Sunday, November 30, 2003

Adobo eaters: are we supporting agri-corporations?

Saturday, November 29, 2003

I just received the beautiful print edition of the literary ezine, Our Own Voice, which includes Eileen Tabios' "Meditations on Ilocano Abstractions," and Jean Vengua Gier's "Gier on Gier." Well done, Reme, Nadine and Geejay!

Another book that just arrived in the mail is Eleazar Fernandez' Realizing the America of our Hearts: Theological Voices of Asian Americans, edited by Filipino theologian Eleazar Fernandez and Fumitaka Matsuoka, published by Chalice Press. Eleazar's chapter is titled "Postcolonial Exorcism and Reconstruction: Filipino Americans' Search for Postcolonial Subjecthood.

Friday, November 28, 2003

Thank you, Jean, for pointing to what's going on in Venezuela. Nakakainis! how a country like Venezuela, rich in oil and other resources, can be ravaged. Reminds me of my sad republic - the title, by the way, of a Filipino novel by Eric Gamalinda (checked it up on amazon but it's not available thru amazon) Maybe Arkipelago Books carries it or Linda Nietes' Philippine Expressions.

Nakakainis ditto: The Last Samurai -- the latest orientalist nightmare per poet Paolo Javier!

There is one addiction I approve of: Adobo. Eileen, Jean, Michelle, Barbara, Tatang, and Sunny
are all obsessed with adobo. What we don't know is where its origins are from. Being from Pampanga, the cooking capital of the Philippines (our foods are now "national delights") - I say, it is an original Kapampangan dish that has since travelled around the world and returned with as many variations possible. My guess is that before the days of refrigeration, many of the dishes, adobo included, had to be cooked with ingredients that wouldn't spoil easily, so vinegar, salt, garlic, bay leaf, peppercorn -- voila -- adobo that taste even better on the second and third day.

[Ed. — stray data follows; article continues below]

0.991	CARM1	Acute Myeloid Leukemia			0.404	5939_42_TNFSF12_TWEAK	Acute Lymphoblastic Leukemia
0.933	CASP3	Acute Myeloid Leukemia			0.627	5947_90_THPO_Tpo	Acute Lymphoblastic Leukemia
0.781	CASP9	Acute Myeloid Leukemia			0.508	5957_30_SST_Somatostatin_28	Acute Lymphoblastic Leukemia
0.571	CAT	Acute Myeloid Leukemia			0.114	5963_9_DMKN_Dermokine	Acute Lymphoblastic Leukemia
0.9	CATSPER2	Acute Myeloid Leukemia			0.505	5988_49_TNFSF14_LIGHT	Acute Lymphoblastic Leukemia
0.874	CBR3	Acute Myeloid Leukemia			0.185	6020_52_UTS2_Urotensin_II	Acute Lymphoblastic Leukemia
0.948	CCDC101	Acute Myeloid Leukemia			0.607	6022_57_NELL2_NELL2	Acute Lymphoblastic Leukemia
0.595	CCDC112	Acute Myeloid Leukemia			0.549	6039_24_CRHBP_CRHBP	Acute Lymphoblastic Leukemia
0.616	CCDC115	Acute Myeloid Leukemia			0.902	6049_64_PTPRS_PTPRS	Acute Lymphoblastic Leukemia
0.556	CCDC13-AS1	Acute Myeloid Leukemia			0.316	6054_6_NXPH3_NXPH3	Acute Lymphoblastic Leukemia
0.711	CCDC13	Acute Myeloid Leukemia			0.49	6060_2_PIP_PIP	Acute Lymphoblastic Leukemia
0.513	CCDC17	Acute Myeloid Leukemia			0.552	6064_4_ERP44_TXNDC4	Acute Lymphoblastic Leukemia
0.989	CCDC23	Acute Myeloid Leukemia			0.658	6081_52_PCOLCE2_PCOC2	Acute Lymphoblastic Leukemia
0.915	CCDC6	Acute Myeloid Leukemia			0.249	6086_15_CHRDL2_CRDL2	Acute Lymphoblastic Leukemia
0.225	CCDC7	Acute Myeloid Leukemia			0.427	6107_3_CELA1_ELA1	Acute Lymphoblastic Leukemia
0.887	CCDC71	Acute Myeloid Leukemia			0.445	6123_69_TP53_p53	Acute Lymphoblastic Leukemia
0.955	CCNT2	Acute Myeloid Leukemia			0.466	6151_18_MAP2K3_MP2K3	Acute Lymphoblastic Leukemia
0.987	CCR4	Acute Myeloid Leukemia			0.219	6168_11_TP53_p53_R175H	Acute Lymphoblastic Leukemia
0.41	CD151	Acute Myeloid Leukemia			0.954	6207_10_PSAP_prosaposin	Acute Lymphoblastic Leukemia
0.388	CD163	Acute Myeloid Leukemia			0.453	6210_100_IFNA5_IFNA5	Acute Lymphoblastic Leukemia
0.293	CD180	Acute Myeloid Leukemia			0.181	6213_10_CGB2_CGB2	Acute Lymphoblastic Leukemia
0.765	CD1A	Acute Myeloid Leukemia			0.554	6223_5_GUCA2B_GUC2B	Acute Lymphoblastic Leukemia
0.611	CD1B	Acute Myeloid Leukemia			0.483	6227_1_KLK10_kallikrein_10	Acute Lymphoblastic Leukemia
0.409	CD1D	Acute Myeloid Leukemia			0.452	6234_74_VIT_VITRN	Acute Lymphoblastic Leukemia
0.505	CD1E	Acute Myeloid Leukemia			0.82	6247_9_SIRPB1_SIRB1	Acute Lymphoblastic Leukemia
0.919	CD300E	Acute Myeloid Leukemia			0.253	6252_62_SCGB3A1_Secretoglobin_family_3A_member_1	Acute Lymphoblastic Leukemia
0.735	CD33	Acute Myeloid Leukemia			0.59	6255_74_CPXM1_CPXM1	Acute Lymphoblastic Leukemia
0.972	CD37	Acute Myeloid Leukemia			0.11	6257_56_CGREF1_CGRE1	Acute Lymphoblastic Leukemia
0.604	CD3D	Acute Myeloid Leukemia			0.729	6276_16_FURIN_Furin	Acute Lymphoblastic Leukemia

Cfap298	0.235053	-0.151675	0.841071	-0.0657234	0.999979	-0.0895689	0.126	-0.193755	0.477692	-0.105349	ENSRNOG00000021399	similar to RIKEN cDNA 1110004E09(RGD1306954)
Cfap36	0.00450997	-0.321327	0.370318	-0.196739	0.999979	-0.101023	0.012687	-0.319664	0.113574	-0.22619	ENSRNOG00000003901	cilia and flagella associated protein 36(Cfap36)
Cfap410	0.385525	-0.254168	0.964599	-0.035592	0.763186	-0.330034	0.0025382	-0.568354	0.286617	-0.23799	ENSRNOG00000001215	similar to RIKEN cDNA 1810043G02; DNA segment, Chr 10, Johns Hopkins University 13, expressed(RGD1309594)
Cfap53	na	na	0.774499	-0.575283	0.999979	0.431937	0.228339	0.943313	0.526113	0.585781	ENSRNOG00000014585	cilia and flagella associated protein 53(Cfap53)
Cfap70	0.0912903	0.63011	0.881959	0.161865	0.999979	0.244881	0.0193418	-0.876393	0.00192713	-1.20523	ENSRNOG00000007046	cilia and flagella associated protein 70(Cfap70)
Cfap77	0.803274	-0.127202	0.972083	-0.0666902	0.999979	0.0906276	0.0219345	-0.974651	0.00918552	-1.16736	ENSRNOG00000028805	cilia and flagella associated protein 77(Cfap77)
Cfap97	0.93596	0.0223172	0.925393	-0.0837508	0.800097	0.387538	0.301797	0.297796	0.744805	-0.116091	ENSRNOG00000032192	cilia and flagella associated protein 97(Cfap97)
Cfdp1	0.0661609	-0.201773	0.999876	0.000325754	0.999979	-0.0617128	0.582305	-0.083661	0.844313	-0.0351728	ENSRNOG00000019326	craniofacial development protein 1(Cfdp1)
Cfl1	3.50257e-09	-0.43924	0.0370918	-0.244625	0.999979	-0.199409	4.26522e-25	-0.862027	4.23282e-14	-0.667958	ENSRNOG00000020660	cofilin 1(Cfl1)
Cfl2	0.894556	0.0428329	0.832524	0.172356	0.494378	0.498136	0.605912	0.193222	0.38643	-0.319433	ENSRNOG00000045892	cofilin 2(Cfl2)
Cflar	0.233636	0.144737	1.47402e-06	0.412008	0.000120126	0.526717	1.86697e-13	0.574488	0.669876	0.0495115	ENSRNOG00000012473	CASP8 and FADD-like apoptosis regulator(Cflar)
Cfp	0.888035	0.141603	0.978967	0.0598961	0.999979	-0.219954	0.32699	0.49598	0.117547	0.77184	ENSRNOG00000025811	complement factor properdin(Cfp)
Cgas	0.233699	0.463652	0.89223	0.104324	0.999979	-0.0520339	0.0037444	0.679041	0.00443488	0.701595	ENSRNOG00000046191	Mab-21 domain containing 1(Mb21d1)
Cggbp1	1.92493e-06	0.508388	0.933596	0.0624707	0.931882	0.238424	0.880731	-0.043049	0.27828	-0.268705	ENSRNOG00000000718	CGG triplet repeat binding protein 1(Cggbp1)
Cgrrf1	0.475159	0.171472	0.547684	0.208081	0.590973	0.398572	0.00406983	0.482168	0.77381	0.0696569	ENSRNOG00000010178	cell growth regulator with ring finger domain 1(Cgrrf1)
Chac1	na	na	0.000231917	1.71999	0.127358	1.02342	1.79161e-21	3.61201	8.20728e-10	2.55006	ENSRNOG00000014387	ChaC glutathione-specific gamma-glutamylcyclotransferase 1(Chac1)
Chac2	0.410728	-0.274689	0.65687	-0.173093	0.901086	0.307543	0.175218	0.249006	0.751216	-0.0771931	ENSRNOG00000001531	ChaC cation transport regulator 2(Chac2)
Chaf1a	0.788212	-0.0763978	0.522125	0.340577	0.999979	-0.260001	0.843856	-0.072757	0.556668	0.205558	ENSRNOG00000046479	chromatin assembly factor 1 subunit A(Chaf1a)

I am slooow...Here, I'm belatedly responding to some issues raised by Eileen weeks ago on poetics and politics, about silence, appropriation, about paying attention. As I thought about the word "appropriation" I also had Thanksgiving day in mind because the wily Filipino asked what my version of Thanksgiving is (hence the first paragraph below).

-----musings on politics of appropriation--

I recently said in a post that I do not consider Thanksgiving as “my holiday.” I didn’t celebrate Thanksgiving until I came to the US 20 years ago and now that I have a better understanding of its historical roots, I wish I were joining the sunrise celebration at Alcatraz with the AIM (American Indian Movement) instead. But I give in to the invented tradition – friends and family are coming – someone will make the turkey and I will make the traditional side dishes. I appropriate the commodified tradition. Mea culpa.

In one of my classes, we were discussing the issue of intersexuality. Many of the students were surprised to learn that there are more than two sexes: male, merms, herms, ferms, and female. Intersex people used to be called hermaphrodites. So I had this in mind when I was thinking of the poetics and politics of appropriation. But what of the poet who appropriates the term “hermaphrodite” as part of her language play, as part of her aesthetics? She acknowledges that she is a rebel poet and as such pushes against the limits of language -- in this case the perceived silence of the word “hermaphrodite” or the invisibility of hermaphrodite individuals in public spaces and discourse. When is it appropriate for an outsider (to the group being appropriated) to transgress real and imagined boundaries?